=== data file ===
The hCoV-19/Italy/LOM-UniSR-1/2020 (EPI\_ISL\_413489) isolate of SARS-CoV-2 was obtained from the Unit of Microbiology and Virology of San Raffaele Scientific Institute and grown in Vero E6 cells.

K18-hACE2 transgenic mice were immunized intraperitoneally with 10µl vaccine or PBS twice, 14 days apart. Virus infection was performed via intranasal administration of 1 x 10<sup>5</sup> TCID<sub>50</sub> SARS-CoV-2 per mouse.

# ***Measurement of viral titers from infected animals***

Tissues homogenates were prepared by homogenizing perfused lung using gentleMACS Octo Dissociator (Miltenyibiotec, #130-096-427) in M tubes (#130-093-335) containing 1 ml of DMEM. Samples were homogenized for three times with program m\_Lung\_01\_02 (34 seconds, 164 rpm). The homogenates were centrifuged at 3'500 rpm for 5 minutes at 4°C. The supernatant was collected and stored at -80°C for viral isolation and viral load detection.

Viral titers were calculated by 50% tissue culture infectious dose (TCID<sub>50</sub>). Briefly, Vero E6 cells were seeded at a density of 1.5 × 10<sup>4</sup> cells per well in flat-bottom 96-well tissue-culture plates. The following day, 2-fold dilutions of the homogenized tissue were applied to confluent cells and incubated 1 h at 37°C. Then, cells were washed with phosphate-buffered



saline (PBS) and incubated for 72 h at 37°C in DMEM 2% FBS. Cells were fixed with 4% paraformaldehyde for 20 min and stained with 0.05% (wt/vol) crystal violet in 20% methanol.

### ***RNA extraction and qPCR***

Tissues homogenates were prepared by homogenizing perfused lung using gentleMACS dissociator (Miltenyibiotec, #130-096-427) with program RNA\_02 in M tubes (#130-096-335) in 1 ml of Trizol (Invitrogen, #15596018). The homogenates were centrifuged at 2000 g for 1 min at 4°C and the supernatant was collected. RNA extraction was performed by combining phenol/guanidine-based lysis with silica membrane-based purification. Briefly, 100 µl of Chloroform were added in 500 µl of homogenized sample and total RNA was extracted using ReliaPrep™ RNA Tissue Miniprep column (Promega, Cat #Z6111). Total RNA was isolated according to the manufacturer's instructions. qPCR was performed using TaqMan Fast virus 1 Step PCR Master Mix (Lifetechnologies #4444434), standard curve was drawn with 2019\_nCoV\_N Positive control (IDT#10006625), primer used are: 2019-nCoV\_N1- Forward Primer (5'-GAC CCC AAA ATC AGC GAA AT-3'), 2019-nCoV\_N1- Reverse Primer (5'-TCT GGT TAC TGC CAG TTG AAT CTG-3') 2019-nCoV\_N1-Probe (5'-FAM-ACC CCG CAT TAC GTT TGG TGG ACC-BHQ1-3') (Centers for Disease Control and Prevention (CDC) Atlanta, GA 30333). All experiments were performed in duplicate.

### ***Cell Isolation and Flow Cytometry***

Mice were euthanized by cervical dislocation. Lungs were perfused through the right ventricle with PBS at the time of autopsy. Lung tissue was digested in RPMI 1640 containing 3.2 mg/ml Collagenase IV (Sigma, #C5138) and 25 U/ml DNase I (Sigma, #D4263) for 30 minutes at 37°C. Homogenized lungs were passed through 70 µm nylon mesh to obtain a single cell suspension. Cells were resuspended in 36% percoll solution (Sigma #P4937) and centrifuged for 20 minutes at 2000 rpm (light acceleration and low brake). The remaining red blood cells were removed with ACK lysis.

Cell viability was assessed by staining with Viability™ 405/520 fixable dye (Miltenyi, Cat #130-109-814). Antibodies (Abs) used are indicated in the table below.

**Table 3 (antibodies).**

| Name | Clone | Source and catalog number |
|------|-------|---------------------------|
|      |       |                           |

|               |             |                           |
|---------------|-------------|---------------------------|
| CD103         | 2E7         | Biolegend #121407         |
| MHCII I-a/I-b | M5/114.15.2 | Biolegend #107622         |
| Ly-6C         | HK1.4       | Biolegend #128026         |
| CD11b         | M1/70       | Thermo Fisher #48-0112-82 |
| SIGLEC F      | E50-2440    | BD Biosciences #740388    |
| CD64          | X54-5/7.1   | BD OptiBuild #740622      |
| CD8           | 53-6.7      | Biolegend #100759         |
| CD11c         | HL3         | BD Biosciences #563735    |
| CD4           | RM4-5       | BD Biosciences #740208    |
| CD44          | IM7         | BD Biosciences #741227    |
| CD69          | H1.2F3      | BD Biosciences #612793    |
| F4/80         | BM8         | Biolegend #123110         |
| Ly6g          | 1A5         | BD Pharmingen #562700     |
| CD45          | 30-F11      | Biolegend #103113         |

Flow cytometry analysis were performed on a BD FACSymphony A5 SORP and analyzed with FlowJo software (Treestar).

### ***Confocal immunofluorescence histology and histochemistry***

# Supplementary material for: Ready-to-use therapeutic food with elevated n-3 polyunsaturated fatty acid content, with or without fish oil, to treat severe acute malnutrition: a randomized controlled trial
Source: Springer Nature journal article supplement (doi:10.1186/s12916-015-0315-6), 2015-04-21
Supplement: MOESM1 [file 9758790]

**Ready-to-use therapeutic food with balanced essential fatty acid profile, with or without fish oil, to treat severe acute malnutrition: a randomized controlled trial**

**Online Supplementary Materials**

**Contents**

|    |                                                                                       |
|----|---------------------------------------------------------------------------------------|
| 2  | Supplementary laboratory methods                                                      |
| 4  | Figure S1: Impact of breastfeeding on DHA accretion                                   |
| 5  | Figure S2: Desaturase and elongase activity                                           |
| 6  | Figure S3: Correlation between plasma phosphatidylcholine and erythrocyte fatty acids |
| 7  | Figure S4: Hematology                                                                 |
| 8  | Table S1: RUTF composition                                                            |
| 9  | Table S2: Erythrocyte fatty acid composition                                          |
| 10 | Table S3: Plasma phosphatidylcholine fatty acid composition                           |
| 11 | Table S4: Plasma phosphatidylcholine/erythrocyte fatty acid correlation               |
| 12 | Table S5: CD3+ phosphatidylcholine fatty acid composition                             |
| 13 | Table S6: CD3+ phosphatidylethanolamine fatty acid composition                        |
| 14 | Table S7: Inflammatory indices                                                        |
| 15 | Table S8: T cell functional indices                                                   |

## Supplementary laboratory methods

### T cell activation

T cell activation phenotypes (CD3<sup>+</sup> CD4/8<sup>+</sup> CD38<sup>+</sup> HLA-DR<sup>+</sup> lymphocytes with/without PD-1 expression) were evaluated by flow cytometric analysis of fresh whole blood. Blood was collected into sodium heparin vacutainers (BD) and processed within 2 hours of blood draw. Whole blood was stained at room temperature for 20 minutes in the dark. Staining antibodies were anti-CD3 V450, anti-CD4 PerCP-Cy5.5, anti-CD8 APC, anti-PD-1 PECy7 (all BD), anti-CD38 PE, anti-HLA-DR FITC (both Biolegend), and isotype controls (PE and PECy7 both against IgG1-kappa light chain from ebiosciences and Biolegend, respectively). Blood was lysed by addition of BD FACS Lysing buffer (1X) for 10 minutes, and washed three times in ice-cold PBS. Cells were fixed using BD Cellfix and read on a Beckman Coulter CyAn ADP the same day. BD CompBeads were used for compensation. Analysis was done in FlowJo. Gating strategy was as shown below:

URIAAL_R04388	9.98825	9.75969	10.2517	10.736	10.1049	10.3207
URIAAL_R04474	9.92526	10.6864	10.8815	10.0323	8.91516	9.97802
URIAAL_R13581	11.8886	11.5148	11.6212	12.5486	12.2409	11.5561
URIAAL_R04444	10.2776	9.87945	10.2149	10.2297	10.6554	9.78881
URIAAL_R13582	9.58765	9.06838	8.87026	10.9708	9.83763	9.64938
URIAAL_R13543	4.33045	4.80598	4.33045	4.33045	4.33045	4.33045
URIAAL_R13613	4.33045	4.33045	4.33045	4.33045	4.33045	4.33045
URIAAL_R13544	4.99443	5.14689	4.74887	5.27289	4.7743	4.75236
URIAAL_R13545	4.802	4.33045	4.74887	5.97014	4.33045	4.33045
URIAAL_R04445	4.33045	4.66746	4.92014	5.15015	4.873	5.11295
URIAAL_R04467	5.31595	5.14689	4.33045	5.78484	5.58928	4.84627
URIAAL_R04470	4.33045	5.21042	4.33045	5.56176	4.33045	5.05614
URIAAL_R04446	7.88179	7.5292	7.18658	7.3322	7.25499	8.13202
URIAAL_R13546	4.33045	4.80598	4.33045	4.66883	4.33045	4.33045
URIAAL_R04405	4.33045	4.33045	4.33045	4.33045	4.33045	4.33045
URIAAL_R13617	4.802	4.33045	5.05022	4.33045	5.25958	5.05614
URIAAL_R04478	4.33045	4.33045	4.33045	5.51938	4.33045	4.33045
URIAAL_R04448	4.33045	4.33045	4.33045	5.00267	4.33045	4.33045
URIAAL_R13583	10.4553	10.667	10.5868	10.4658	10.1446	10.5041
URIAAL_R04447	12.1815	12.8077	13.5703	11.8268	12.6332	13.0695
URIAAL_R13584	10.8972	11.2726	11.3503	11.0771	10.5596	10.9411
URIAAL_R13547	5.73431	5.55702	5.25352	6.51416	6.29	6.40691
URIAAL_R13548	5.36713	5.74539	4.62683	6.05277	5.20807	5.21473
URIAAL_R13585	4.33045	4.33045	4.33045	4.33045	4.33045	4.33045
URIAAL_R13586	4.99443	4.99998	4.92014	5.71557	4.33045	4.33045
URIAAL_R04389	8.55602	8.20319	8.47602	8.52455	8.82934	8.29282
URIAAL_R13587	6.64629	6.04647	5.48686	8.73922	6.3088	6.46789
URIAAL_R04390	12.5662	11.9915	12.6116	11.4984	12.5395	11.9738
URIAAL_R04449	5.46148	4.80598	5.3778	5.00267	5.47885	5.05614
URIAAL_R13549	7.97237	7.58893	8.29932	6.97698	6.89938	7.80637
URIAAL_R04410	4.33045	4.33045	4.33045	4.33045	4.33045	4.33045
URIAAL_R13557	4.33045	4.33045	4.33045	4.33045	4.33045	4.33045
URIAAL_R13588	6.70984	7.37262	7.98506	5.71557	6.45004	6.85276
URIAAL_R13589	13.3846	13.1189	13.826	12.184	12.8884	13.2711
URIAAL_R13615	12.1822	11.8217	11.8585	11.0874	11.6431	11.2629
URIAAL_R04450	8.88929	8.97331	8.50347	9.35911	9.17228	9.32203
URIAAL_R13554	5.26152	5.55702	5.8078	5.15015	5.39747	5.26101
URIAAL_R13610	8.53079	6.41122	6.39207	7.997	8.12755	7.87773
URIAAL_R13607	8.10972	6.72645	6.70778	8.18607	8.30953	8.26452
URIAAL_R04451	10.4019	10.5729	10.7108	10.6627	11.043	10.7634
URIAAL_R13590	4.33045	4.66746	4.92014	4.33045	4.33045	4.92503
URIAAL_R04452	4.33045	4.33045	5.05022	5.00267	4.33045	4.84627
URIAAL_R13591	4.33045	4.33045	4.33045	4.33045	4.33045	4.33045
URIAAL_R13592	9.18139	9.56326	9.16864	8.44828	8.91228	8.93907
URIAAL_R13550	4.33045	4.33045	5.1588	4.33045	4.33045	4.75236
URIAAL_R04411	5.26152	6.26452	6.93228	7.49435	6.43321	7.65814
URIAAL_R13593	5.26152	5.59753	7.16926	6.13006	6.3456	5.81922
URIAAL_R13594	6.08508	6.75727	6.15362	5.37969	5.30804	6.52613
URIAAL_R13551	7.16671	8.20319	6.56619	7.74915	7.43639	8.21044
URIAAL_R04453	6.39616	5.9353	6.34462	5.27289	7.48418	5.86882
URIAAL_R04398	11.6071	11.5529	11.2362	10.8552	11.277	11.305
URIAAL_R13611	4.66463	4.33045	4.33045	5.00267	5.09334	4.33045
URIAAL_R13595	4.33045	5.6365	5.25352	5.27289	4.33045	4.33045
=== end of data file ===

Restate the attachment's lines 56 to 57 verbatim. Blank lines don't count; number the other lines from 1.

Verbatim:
### T cell activation

T cell activation phenotypes (CD3<sup>+</sup> CD4/8<sup>+</sup> CD38<sup>+</sup> HLA-DR<sup>+</sup> lymphocytes with/without PD-1 expression) were evaluated by flow cytometric analysis of fresh whole blood. Blood was collected into sodium heparin vacutainers (BD) and processed within 2 hours of blood draw. Whole blood was stained at room temperature for 20 minutes in the dark. Staining antibodies were anti-CD3 V450, anti-CD4 PerCP-Cy5.5, anti-CD8 APC, anti-PD-1 PECy7 (all BD), anti-CD38 PE, anti-HLA-DR FITC (both Biolegend), and isotype controls (PE and PECy7 both against IgG1-kappa light chain from ebiosciences and Biolegend, respectively). Blood was lysed by addition of BD FACS Lysing buffer (1X) for 10 minutes, and washed three times in ice-cold PBS. Cells were fixed using BD Cellfix and read on a Beckman Coulter CyAn ADP the same day. BD CompBeads were used for compensation. Analysis was done in FlowJo. Gating strategy was as shown below: